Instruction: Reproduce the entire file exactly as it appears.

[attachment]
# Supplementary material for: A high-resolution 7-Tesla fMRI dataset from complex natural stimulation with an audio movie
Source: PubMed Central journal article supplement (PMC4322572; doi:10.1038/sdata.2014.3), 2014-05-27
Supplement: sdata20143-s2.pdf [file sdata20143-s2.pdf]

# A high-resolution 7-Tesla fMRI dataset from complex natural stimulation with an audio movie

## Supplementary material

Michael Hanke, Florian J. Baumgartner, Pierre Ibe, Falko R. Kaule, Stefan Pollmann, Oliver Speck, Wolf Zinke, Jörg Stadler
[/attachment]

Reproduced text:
# Supplementary material for: A high-resolution 7-Tesla fMRI dataset from complex natural stimulation with an audio movie
Source: PubMed Central journal article supplement (PMC4322572; doi:10.1038/sdata.2014.3), 2014-05-27
Supplement: sdata20143-s2.pdf [file sdata20143-s2.pdf]

# A high-resolution 7-Tesla fMRI dataset from complex natural stimulation with an audio movie

## Supplementary material

Michael Hanke, Florian J. Baumgartner, Pierre Ibe, Falko R. Kaule, Stefan Pollmann, Oliver Speck, Wolf Zinke, Jörg Stadler